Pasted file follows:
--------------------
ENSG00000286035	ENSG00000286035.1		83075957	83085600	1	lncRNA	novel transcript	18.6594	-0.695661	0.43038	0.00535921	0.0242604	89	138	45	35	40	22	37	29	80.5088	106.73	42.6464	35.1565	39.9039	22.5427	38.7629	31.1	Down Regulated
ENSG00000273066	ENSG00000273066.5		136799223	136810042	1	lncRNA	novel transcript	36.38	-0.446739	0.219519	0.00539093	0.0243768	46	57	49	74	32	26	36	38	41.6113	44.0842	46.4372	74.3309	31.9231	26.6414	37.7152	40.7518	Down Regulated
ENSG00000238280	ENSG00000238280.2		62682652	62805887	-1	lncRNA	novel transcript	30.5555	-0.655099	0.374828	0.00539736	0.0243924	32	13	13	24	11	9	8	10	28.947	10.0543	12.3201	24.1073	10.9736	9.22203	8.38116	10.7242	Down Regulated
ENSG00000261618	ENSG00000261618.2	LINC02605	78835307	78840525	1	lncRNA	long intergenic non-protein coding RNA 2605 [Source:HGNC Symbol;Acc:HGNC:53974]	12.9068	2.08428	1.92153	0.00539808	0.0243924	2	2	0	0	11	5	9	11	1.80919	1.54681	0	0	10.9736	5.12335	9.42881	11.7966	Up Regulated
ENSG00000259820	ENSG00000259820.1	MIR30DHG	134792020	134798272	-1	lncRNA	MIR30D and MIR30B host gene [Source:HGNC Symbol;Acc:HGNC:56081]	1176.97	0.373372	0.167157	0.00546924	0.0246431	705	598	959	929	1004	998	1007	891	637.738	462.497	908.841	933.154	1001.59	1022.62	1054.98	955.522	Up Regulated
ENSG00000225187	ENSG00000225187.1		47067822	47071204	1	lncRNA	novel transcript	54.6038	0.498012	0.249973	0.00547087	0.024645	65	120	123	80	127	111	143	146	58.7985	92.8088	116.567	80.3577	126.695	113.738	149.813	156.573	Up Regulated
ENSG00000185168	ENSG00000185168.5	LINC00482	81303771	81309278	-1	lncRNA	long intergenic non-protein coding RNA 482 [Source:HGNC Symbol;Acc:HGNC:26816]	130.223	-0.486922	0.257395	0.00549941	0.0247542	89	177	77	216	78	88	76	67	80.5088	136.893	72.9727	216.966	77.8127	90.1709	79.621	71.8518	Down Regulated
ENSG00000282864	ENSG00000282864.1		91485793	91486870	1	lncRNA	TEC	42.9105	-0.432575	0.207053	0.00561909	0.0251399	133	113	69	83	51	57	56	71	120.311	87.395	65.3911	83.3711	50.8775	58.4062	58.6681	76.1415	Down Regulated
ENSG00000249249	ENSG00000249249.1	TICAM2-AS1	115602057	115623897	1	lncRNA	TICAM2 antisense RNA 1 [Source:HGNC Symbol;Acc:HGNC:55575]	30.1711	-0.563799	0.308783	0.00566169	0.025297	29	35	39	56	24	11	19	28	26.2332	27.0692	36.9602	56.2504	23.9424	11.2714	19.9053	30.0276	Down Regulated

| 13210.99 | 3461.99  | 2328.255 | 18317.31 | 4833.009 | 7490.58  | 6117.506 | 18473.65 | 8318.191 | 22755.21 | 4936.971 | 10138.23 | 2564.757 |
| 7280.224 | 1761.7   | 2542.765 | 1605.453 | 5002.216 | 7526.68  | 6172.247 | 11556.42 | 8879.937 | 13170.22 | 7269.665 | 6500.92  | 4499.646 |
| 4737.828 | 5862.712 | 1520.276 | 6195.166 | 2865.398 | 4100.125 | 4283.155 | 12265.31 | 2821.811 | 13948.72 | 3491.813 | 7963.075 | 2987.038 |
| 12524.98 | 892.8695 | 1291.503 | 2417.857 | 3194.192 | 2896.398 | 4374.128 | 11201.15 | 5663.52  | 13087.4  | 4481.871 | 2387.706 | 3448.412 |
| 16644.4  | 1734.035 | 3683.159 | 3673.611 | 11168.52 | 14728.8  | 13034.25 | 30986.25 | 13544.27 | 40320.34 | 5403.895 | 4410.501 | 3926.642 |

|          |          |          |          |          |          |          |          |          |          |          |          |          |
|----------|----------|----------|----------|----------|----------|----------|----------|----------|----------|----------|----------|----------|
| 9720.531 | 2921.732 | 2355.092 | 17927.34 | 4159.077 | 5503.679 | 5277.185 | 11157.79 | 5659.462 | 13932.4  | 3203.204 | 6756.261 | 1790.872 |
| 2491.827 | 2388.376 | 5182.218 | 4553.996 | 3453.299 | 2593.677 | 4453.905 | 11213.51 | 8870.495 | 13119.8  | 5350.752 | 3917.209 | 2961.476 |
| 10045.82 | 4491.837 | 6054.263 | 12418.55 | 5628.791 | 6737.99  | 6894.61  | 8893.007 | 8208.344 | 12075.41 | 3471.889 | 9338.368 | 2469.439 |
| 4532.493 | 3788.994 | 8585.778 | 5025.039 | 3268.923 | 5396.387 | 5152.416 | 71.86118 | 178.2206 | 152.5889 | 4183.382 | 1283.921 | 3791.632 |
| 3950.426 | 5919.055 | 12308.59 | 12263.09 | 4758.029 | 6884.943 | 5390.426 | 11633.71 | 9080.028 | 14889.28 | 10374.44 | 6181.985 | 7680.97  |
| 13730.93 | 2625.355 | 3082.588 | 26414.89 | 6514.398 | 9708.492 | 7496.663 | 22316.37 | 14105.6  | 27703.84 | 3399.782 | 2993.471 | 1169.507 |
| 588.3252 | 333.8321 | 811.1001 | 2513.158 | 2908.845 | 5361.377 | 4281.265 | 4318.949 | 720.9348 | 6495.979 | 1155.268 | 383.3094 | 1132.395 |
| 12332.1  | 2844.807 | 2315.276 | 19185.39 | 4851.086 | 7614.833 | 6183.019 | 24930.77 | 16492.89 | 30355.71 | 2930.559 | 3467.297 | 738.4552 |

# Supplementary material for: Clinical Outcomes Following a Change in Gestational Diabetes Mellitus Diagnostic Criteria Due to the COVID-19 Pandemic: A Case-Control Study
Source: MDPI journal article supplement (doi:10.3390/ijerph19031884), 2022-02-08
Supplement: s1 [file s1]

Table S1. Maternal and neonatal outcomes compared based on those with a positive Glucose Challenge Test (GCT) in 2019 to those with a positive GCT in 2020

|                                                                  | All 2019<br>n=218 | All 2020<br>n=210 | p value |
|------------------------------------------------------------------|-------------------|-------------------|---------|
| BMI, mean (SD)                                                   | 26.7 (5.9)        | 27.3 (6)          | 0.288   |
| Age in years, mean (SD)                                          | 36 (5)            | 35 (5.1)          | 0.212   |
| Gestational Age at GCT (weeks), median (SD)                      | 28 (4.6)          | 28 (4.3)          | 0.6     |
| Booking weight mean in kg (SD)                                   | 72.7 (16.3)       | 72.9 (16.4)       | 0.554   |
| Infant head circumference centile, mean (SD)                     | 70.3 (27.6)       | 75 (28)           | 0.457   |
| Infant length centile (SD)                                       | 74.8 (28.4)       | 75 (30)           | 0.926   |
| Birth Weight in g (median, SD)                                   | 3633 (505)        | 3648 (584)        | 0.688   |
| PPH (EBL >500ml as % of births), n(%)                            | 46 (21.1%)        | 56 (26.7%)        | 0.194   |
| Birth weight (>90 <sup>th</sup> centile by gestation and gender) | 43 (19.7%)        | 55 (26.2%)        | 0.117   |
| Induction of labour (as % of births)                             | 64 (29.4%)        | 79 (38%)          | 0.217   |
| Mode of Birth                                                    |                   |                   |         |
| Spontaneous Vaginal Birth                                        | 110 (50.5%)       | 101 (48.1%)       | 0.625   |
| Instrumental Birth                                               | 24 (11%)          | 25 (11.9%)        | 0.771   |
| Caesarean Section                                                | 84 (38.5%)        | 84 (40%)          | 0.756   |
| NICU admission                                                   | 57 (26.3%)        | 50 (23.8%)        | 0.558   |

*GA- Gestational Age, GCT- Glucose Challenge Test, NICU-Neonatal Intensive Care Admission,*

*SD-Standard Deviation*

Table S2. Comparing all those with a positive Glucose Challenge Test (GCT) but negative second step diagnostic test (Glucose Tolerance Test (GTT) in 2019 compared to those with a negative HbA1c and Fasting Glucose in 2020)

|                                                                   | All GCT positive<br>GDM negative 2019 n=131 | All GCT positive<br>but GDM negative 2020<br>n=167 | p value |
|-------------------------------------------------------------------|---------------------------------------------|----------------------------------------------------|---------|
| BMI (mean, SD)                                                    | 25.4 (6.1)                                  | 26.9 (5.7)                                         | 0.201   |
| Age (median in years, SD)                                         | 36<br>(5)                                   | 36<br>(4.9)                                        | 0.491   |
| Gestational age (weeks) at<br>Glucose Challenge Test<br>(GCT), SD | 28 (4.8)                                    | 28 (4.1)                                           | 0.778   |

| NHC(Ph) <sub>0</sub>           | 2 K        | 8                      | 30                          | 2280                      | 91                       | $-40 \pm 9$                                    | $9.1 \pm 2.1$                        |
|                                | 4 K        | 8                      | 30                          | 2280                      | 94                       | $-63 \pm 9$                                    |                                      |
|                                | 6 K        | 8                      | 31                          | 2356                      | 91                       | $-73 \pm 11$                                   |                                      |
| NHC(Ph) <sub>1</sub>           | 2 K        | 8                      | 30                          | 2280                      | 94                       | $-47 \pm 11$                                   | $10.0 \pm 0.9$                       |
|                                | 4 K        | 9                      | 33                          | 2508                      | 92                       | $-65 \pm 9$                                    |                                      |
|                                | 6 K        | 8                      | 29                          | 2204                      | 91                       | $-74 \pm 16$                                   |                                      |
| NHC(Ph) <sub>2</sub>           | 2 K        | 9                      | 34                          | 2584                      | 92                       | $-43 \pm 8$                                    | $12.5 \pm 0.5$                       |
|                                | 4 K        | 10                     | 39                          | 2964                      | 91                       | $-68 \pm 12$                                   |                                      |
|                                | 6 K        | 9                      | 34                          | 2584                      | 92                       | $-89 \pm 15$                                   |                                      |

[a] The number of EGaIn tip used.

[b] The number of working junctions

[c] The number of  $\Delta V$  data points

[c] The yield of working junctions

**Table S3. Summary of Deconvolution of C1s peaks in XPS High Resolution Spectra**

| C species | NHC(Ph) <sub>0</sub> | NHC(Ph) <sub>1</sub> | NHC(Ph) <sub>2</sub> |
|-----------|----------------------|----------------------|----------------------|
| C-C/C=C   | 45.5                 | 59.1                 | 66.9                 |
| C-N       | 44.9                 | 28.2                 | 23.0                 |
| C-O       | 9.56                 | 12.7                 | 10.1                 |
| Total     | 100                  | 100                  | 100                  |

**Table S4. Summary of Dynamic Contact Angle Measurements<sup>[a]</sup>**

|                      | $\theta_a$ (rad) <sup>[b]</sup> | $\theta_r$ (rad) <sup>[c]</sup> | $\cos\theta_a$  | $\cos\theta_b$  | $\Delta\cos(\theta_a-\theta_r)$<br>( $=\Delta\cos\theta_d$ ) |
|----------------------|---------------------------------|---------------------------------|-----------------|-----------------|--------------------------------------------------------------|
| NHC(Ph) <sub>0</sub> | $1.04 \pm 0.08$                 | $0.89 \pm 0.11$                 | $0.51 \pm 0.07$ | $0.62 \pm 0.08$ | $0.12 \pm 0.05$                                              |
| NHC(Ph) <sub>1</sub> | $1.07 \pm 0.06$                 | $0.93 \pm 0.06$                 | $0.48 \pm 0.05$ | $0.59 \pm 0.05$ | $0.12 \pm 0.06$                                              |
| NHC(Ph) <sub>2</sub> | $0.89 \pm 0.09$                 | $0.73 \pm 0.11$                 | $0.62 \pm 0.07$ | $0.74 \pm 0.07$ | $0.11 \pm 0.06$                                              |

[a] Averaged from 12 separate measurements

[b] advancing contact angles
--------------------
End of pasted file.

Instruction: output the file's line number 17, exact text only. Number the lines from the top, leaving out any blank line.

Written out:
| 9720.531 | 2921.732 | 2355.092 | 17927.34 | 4159.077 | 5503.679 | 5277.185 | 11157.79 | 5659.462 | 13932.4  | 3203.204 | 6756.261 | 1790.872 |